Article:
As we said here last week, the Bush Administration seems to be making its case for a Phase II military effort against Iraq. Indeed, at a Rose Garden ceremony this past Monday for two recently released aid workers in Afghanistan who had been held captive by the Taliban, President Bush was asked what message he had for Iraq. He said as follows:
Well, my message is that if you harbor a terrorist, you're a terrorist. If you feed a terrorist, you are a terrorist. If you develop weapons of mass destruction that you want to [use to] terrorize the world, you'll be held accountable.
Plainly, the President continues to recognize that September 11 marked a dramatic transformation in world affairs. The horrific events that occurred on that day underscored that the challenges our Nation and the Western world face are very different than those we had confronted in the past. For the first time, we came face to face with the reality that terrorist cells can inflict the kind of catastrophic damage that was thought to lie only in the province of governments. No longer could we think that the resources to inflict mass destruction could only be possessed by countries. In World War II, we settled the problems of Germany and Japan and since World War II, we proved more than able to contain the likes of the Soviet Union/Russia and China. Now we must address miscreants with enough funds to accumulate biological and chemical ? and perhaps, even nuclear weapons ? hiding in caves or operating clandestinely.
So, viewing the attacks on the World Trade Center and the Pentagon as requiring the elimination of the direct perpetrators is ludicrous. There is a network out there across the globe that has figured out how to penetrate our defenses. And it is a network that cannot function without the hospitality and support of state sponsors. As the President has said, these states must voluntarily “cough the terrorists up” or be forced to do so. Afghanistan was targeted since it harbored Osama bin Laden and headquarters of the Al Qaida. Similarly, as a known producer of these weapons and as a notorious patron of terrorists, Iraq is an obvious target.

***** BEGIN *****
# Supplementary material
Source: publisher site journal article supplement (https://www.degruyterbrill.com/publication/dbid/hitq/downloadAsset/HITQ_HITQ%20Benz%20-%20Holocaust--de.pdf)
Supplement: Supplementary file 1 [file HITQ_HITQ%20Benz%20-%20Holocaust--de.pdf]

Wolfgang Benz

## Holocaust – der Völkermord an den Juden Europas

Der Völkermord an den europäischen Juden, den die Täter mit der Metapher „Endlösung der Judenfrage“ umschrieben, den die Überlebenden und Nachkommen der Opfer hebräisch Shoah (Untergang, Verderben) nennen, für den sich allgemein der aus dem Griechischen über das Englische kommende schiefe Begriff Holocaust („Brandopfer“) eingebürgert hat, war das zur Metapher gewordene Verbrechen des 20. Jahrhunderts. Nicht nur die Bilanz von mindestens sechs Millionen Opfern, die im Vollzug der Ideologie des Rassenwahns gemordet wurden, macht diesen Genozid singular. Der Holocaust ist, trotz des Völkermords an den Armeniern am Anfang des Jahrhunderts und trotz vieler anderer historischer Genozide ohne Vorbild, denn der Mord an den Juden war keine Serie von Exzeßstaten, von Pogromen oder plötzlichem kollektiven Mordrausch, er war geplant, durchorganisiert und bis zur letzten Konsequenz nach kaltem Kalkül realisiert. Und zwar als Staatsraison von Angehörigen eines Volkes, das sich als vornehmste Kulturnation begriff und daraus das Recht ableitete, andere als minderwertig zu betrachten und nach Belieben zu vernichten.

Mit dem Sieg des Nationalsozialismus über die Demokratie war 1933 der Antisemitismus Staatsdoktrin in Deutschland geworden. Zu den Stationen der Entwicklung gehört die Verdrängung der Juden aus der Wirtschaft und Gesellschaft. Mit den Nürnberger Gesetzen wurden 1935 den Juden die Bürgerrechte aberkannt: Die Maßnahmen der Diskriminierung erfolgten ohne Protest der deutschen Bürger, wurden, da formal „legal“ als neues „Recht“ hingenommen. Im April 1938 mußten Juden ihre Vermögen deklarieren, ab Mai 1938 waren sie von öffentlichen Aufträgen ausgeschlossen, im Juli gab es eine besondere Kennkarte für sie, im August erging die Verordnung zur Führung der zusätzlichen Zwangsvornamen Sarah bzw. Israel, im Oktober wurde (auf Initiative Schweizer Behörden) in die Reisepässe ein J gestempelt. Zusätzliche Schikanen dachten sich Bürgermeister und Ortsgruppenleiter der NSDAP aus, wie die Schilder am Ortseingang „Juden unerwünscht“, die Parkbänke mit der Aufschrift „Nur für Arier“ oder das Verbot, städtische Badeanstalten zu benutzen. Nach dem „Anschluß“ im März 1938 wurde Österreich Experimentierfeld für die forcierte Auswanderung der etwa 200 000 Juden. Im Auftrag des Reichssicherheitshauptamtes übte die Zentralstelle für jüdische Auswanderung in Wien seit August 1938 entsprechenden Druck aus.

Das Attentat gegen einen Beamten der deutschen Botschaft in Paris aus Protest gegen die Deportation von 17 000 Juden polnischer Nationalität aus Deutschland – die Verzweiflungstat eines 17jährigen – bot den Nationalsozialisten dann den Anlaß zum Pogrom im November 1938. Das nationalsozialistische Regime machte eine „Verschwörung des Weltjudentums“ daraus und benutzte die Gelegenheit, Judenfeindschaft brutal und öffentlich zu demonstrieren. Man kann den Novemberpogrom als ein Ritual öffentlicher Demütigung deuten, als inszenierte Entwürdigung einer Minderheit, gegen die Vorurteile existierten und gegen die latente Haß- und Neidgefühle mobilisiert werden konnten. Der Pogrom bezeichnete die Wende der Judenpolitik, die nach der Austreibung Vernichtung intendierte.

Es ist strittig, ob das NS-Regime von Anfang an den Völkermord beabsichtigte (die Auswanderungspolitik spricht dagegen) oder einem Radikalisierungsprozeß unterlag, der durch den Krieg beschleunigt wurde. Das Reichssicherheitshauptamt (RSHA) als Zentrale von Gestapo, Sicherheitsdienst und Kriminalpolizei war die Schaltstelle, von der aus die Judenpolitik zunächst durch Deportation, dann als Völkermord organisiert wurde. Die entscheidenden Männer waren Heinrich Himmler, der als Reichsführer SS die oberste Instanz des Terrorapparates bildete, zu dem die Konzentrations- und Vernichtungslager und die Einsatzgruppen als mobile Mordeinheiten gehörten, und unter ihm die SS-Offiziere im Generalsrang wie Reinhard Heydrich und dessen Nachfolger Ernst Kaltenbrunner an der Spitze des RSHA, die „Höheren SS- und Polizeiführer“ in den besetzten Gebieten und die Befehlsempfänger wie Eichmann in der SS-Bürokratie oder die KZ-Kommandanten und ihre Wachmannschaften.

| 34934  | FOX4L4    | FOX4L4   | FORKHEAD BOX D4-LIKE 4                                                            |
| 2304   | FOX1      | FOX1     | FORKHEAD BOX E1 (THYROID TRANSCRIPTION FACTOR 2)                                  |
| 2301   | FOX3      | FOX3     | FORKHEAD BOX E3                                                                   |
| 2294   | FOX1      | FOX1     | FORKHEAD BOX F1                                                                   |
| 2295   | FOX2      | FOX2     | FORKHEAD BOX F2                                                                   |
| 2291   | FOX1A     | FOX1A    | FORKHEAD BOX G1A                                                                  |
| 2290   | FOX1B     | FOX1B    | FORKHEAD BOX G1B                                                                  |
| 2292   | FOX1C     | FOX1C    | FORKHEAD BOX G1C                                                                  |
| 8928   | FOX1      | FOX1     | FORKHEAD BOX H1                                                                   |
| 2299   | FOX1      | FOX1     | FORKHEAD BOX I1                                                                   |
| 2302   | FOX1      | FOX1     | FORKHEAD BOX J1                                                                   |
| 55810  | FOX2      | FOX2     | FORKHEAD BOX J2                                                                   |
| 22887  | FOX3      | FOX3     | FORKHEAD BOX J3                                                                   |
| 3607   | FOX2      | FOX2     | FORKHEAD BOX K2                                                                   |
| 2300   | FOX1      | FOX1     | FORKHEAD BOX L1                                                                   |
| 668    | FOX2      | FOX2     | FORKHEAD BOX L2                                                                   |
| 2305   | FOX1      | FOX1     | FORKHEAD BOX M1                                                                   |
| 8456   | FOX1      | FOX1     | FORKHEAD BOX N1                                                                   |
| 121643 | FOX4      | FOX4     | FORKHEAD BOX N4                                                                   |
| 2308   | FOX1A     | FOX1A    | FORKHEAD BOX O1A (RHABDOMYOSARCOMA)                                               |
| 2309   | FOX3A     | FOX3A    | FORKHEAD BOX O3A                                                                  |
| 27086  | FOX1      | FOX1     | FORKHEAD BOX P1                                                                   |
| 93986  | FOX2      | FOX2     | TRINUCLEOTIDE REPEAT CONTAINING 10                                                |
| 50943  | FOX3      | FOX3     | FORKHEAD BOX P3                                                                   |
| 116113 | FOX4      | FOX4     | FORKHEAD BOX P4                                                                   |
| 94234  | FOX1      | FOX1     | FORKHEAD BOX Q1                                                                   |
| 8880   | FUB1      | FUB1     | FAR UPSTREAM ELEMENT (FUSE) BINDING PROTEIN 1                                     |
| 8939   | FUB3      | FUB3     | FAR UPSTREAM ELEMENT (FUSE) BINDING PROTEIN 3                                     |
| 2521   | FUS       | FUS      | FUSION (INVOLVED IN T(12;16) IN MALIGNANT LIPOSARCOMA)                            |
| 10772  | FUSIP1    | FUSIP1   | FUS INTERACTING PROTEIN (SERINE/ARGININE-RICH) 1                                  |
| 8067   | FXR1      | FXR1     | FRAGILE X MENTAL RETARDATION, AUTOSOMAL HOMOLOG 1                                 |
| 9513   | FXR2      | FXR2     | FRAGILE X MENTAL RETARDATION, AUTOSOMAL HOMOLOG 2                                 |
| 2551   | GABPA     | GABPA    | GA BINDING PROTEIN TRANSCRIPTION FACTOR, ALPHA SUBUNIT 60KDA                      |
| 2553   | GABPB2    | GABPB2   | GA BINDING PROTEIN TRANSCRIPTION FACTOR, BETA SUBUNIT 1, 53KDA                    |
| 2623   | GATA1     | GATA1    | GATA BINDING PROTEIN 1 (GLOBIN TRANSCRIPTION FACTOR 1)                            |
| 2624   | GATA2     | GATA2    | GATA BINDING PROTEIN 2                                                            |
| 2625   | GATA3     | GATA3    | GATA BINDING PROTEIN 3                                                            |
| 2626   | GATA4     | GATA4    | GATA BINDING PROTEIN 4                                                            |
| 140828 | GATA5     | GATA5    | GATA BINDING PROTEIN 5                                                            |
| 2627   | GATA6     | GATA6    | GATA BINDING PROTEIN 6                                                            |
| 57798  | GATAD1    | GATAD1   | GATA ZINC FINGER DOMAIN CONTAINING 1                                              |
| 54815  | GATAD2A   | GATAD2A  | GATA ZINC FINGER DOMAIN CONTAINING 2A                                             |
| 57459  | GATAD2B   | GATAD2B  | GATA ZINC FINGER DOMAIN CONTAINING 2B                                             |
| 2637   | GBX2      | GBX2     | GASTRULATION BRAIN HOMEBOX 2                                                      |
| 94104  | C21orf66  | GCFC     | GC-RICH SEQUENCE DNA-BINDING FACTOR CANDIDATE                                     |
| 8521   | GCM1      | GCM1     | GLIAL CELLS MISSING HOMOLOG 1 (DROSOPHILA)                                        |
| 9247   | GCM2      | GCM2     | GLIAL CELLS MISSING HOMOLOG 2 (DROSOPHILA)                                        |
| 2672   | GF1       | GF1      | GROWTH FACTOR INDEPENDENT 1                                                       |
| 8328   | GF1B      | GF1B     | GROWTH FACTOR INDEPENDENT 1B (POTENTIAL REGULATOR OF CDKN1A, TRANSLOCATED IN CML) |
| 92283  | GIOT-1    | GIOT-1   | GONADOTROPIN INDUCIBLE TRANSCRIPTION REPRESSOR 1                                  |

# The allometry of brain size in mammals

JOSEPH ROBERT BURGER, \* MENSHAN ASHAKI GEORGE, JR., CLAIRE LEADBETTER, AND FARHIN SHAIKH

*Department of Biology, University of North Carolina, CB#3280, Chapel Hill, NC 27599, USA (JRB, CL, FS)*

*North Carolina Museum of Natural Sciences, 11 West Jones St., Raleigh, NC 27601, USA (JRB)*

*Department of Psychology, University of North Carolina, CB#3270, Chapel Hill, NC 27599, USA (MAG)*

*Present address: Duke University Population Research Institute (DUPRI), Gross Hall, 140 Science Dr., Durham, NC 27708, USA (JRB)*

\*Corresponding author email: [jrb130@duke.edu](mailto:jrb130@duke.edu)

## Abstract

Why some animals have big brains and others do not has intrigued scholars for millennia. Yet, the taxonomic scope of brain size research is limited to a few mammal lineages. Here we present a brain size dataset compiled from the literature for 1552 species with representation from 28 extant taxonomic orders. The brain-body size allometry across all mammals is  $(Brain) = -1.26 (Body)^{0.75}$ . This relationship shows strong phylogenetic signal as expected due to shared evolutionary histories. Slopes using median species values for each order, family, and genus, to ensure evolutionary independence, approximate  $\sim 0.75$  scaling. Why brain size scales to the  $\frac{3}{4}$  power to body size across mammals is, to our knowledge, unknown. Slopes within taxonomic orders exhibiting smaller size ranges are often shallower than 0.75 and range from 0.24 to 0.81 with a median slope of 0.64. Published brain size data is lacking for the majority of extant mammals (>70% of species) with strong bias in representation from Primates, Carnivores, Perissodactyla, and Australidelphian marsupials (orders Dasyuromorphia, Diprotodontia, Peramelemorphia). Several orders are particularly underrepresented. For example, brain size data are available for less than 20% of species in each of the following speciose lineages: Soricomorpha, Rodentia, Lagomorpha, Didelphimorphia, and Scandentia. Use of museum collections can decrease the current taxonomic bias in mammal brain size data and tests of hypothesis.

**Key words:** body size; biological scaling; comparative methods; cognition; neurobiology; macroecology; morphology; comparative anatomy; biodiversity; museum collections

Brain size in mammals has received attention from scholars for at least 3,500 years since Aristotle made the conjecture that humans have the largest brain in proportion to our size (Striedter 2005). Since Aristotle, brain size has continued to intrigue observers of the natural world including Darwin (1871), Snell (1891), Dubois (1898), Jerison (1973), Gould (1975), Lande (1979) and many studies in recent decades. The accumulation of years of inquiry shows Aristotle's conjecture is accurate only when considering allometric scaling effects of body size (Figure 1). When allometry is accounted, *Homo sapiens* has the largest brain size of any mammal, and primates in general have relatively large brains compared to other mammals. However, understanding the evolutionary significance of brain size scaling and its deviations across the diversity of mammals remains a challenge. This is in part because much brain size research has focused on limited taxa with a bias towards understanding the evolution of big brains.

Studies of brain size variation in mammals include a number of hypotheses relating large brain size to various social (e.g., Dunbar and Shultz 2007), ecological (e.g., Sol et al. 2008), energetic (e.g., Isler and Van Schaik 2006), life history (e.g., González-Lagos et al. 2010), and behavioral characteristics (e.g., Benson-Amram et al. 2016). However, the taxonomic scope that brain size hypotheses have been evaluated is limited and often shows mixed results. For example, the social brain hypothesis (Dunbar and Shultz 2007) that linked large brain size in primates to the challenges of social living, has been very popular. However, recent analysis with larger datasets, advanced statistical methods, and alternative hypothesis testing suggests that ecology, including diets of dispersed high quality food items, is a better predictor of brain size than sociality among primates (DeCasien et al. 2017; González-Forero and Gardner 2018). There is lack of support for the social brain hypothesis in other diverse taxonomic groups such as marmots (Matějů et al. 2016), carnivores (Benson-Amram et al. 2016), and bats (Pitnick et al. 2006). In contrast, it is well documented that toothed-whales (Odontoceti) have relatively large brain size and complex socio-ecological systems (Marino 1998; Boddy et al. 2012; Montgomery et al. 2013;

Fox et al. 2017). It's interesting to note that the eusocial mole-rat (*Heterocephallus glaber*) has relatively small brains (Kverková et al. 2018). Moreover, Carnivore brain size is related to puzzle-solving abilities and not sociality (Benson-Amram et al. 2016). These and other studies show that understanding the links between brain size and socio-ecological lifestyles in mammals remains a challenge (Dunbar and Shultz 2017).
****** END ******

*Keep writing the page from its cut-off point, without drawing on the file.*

But there are some who are counseling against any military action against Iraq. And their reasons show that they are oblivious to the real significance of Sept. 11. An editorial in the November 27th issue of the New York Times, “The Wrong Time To Fight Iraq,” is the clearest statement to date of this thinking:
…The Bush Administration would make a serious mistake by moving to wage war in Iraq.
One reason is that America's mission in Afghanistan is far from accomplished. Osama bin Laden and many top aides remain at large, Taliban fighters still hold out in the countryside and a few urban redoubts, and the creation of a stable post-Taliban government has barely begun. Until these basic objectives are achieved, Afghanistan will remain a potential base for international terrorism.
Finishing the job in Afghanistan requires holding together the international coalition Washington has skillfully assembled. War in Iraq at this juncture would almost certainly shatter that coalition. While some Arab leaders have no love for Mr. Hussein, public opinion in the Arab world would not allow them to support American military action against him, at least in the absence of clear evidence linking Baghdad to the events of Sept. 11 or subsequent bioterrorism….
War in Iraq would also undermine whatever possibility now exists for damping violence between Israelis and Palestinians and restarting efforts toward a lasting peace. Progress in the new peace initiative announced by Secretary of State Colin Powell last week might make it easier to ratchet up the pressure on Baghdad at a later date. Moving against Iraq now would hobble America's power as a Mideast peacemaker.
Diplomacy aside, the military challenges of war in Iraq are far more formidable than anything yet seen in Afghanistan. Mr. Hussein can count on the loyalty of a large army, equipped with more modern and lethal weapons than the Taliban ever had…. In another crucial difference, the United States would be operating without any effective local allies like the Northern Alliance in Afghanistan….
Without ground fighters, American air power cannot prevail. The only military option with any realistic promise of success would be sending in an overwhelmingly large American ground force…. Unlike the situation prior to the Persian Gulf war, Washington could not count on the use of staging bases in Saudi Arabia….
What Washington should do now is intensify its efforts to build up a more serious internal Iraqi opposition…. Meanwhile, Washington should put maximum diplomatic and military pressure on Baghdad. It can use its improved ties with Russia to enact more sustainable United Nations economic sanctions and to press for an early resumption of international weapons inspections….
Three months ago, these sort of concerns might have resonated, although we are not sure that they should have even then. But not after Sept. 11. Saddam Hussein has spent years thwarting inspections in order to shield his biological and chemical weapons manufacturing. And Iraq has long been on the United States list of state sponsors of terror. We now have the momentum and the national will to do what has to be done. To be sure, there will be difficulties along the way. But their anticipation should not be allowed to stop us from doing what has to be done. We can deal with challenges as they arise.
We dare not lose sight of the fact that if we do not thoroughly address terrorists cells around the world as the cancer-like predators they are, the bin Ladens will be able to do what the Nazis, Japanese warlords and Communists were unable to accomplish.Editorial Board
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